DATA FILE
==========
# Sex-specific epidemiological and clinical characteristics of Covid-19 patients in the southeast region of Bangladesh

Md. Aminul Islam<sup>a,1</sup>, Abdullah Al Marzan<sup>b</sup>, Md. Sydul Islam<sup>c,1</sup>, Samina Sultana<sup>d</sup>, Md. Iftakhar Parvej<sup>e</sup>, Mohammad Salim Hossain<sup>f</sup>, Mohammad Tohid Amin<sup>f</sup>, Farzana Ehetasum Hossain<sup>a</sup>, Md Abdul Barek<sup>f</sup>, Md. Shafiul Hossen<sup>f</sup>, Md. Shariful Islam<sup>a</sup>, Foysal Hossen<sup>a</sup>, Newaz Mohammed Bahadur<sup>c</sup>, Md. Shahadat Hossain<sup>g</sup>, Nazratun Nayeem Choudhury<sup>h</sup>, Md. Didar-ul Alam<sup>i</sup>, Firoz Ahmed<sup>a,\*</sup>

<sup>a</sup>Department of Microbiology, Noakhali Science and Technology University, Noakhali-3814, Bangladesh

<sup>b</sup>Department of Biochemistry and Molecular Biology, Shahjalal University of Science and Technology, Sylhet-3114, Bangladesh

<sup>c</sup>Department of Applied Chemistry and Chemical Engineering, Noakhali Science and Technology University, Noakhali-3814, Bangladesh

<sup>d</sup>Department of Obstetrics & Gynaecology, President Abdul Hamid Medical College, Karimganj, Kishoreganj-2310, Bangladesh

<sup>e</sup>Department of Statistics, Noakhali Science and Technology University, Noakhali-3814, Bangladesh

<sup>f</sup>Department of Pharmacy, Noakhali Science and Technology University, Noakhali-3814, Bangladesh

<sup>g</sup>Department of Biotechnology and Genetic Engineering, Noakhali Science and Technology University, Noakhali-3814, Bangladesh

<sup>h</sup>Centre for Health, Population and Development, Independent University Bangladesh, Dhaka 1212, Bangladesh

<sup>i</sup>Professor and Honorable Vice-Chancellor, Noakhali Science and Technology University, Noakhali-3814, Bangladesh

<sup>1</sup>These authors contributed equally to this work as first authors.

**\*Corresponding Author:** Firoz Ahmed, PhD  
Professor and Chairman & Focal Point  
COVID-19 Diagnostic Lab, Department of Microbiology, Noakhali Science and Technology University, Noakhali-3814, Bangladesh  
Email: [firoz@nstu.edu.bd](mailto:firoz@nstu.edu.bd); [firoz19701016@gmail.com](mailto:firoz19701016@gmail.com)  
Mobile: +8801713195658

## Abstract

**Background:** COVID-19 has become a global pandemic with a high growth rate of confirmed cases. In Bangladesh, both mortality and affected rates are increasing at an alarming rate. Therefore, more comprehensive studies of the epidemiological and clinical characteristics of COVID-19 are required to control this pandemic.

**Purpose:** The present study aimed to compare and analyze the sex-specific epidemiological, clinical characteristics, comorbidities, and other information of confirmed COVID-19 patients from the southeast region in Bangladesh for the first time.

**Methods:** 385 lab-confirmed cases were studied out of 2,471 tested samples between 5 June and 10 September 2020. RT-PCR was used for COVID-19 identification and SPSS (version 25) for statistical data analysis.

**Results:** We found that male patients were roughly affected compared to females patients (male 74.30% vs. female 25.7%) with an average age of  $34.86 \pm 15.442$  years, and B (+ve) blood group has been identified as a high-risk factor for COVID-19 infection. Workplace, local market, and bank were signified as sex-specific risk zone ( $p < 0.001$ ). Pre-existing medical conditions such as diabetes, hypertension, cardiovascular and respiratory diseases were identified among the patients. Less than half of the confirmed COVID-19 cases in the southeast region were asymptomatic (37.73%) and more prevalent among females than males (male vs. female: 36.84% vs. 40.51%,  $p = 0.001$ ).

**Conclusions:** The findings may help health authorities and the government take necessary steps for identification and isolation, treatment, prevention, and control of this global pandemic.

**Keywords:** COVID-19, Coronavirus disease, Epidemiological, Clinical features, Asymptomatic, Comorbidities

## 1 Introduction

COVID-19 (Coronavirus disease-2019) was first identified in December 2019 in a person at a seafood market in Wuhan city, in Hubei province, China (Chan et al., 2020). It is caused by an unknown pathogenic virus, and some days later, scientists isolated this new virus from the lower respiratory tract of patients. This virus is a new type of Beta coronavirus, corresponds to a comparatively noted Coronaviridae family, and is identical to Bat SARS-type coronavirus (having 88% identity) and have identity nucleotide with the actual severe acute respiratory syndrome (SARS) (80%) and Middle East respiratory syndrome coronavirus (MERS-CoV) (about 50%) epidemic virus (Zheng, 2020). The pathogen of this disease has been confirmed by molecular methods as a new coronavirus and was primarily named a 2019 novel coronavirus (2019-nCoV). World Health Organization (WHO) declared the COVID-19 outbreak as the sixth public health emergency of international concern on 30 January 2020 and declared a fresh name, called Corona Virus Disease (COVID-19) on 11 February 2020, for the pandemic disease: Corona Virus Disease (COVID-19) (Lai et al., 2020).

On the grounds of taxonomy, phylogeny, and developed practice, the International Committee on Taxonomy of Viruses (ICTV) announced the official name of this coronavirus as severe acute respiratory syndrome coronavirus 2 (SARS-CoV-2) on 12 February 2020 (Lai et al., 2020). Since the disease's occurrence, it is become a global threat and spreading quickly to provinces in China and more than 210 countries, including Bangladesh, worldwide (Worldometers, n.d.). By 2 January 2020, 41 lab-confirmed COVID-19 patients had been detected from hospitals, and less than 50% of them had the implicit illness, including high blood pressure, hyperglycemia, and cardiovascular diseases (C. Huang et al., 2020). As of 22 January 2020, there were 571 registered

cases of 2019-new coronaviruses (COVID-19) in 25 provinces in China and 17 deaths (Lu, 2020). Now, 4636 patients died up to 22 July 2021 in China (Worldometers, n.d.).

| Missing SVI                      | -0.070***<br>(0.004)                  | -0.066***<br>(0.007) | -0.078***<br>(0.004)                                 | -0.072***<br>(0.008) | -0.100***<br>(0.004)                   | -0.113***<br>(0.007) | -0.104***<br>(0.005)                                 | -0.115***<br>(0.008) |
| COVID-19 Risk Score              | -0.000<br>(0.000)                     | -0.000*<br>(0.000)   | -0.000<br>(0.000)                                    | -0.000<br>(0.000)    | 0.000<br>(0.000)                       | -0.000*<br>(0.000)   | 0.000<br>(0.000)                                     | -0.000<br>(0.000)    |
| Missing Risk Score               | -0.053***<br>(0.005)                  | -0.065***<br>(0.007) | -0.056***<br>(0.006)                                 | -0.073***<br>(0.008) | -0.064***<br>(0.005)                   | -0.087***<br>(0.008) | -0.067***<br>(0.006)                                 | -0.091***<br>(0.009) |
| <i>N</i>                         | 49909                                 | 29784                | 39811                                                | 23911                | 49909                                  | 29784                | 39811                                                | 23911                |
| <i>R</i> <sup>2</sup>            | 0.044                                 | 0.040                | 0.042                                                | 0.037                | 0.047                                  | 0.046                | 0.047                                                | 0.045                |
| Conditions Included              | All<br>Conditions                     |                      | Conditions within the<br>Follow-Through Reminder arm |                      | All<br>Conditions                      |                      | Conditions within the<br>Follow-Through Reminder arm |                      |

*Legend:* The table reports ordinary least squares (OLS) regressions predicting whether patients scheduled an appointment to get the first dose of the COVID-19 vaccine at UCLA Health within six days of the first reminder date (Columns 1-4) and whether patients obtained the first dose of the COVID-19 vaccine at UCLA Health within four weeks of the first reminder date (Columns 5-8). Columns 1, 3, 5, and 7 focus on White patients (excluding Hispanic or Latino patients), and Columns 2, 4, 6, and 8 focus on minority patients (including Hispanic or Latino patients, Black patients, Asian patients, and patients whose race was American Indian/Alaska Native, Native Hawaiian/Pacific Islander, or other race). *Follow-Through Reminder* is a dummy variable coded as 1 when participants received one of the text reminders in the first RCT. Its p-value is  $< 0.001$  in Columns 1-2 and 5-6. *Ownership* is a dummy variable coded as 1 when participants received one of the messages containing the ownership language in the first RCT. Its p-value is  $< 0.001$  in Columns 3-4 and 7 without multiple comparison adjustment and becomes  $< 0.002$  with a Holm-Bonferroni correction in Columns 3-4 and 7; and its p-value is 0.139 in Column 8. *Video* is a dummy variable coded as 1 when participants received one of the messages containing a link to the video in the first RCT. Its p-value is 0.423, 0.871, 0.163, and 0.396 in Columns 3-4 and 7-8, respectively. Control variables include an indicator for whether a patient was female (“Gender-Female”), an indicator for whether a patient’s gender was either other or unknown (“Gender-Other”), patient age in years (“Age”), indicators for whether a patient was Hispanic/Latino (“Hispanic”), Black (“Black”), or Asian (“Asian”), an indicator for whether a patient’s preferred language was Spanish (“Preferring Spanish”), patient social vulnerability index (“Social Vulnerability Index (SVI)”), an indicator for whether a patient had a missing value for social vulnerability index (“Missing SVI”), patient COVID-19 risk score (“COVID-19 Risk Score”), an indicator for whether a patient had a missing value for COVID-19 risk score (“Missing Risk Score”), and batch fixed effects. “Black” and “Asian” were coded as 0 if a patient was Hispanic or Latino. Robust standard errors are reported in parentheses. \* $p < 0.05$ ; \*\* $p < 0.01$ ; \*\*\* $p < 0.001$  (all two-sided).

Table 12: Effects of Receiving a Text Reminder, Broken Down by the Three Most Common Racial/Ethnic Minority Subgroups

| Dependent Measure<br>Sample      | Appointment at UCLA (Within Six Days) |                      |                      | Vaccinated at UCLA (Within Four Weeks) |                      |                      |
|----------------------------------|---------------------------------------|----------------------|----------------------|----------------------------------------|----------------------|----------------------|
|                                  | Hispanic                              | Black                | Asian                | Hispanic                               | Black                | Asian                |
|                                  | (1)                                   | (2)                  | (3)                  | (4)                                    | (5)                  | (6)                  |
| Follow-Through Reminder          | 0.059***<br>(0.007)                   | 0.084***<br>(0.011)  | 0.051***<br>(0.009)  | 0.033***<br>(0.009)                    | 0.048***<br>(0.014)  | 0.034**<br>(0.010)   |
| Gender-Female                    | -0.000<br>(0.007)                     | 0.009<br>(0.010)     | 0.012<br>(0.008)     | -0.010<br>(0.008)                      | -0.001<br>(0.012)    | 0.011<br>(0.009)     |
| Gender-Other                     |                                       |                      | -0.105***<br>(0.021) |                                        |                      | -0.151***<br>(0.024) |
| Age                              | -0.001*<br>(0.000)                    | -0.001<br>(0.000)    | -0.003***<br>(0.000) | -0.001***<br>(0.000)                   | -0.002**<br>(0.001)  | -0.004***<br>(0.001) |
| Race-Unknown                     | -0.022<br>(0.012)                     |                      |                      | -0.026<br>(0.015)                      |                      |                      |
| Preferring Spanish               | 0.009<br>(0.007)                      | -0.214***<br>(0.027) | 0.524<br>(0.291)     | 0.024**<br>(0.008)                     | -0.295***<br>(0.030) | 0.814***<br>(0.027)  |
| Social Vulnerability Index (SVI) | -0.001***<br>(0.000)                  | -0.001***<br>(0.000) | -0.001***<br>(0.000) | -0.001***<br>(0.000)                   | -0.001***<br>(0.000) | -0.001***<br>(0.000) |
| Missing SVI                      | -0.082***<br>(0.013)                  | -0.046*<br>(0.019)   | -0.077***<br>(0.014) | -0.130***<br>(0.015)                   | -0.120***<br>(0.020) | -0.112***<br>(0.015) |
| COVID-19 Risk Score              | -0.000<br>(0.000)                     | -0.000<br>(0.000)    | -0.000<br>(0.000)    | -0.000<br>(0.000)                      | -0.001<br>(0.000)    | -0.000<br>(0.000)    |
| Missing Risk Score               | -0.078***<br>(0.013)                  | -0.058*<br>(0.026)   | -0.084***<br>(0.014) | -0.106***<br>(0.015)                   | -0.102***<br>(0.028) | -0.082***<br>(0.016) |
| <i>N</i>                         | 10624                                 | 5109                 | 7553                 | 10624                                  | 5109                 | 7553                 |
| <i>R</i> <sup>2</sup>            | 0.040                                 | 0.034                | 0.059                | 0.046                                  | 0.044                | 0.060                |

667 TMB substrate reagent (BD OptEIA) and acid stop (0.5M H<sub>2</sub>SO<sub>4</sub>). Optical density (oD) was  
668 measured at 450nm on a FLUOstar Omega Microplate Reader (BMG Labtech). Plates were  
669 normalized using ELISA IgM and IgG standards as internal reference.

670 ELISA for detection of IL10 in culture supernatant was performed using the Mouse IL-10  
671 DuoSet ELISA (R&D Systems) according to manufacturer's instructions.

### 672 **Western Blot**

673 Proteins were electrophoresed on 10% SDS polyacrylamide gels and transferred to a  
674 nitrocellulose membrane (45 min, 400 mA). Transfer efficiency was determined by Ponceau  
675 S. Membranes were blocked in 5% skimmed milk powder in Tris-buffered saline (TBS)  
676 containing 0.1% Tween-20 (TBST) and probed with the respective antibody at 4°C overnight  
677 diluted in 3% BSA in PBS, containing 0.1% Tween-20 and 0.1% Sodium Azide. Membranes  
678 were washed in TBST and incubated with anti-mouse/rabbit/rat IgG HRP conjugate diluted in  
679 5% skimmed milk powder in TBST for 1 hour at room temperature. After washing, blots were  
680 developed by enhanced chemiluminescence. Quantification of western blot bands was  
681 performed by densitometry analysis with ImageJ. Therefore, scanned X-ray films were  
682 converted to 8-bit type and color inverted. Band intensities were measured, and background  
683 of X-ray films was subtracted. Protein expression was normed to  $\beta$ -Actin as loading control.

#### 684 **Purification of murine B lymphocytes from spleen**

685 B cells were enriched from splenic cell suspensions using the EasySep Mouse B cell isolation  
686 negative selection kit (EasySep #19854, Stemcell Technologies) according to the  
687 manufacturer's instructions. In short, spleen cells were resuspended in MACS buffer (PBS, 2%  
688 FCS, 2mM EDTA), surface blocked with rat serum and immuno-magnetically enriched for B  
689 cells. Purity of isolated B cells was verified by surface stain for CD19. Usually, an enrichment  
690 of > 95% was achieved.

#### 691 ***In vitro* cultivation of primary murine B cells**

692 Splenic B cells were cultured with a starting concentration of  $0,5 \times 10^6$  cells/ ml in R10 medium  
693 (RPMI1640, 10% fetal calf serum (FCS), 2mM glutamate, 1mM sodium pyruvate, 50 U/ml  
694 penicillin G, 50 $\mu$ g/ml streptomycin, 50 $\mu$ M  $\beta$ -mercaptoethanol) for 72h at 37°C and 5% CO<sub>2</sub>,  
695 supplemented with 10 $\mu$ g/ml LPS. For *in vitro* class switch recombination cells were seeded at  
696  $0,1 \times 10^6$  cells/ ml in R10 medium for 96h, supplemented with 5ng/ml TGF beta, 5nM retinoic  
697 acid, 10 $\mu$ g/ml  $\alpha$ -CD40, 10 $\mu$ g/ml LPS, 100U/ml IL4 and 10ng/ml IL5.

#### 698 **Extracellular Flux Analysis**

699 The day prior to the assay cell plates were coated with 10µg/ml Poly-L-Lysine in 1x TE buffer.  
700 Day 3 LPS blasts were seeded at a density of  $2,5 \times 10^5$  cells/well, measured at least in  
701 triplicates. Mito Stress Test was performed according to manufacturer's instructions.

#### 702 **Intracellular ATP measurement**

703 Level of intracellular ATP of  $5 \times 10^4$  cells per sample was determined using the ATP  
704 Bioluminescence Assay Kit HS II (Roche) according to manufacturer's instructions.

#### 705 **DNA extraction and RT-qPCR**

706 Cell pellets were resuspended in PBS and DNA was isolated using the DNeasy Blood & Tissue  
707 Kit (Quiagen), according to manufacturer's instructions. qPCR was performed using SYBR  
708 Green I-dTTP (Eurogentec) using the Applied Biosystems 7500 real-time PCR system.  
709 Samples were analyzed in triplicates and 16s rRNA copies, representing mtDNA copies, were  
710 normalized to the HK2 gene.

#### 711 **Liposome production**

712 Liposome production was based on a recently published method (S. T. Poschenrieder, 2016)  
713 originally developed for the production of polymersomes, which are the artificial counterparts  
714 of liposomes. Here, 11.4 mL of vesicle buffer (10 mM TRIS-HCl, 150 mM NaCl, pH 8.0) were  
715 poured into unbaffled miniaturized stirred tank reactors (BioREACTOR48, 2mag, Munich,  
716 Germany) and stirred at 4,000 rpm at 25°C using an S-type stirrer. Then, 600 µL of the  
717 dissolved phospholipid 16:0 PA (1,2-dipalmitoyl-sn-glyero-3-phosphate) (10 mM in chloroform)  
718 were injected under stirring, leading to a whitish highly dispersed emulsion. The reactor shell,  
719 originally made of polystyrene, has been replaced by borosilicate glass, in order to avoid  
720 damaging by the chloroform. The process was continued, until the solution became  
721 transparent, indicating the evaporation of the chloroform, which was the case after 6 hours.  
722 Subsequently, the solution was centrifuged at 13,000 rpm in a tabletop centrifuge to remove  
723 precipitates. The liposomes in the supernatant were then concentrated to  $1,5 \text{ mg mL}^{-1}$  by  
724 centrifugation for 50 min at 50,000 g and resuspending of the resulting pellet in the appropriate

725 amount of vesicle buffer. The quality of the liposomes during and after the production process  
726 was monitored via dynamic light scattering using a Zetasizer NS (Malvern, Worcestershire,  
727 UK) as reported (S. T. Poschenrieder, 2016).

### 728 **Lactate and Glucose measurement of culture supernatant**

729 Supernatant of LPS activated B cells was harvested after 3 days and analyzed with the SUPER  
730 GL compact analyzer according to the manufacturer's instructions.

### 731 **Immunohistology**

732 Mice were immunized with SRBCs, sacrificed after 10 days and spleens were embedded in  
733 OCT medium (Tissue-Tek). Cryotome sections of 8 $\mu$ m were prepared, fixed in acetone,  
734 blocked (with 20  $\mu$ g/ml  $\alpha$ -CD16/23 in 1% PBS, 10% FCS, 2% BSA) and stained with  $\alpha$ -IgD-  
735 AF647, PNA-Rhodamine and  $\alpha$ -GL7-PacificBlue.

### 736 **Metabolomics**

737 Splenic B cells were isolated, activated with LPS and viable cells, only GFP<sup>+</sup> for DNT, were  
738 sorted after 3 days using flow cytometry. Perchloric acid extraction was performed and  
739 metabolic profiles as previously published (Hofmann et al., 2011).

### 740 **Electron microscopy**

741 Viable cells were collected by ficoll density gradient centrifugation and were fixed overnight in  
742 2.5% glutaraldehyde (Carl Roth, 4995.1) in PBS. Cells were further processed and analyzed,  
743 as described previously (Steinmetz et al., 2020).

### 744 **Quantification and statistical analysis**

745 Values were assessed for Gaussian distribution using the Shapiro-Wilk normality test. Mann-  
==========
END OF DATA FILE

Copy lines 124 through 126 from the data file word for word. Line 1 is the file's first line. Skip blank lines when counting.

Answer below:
738 sorted after 3 days using flow cytometry. Perchloric acid extraction was performed and  
739 metabolic profiles as previously published (Hofmann et al., 2011).

### 740 **Electron microscopy**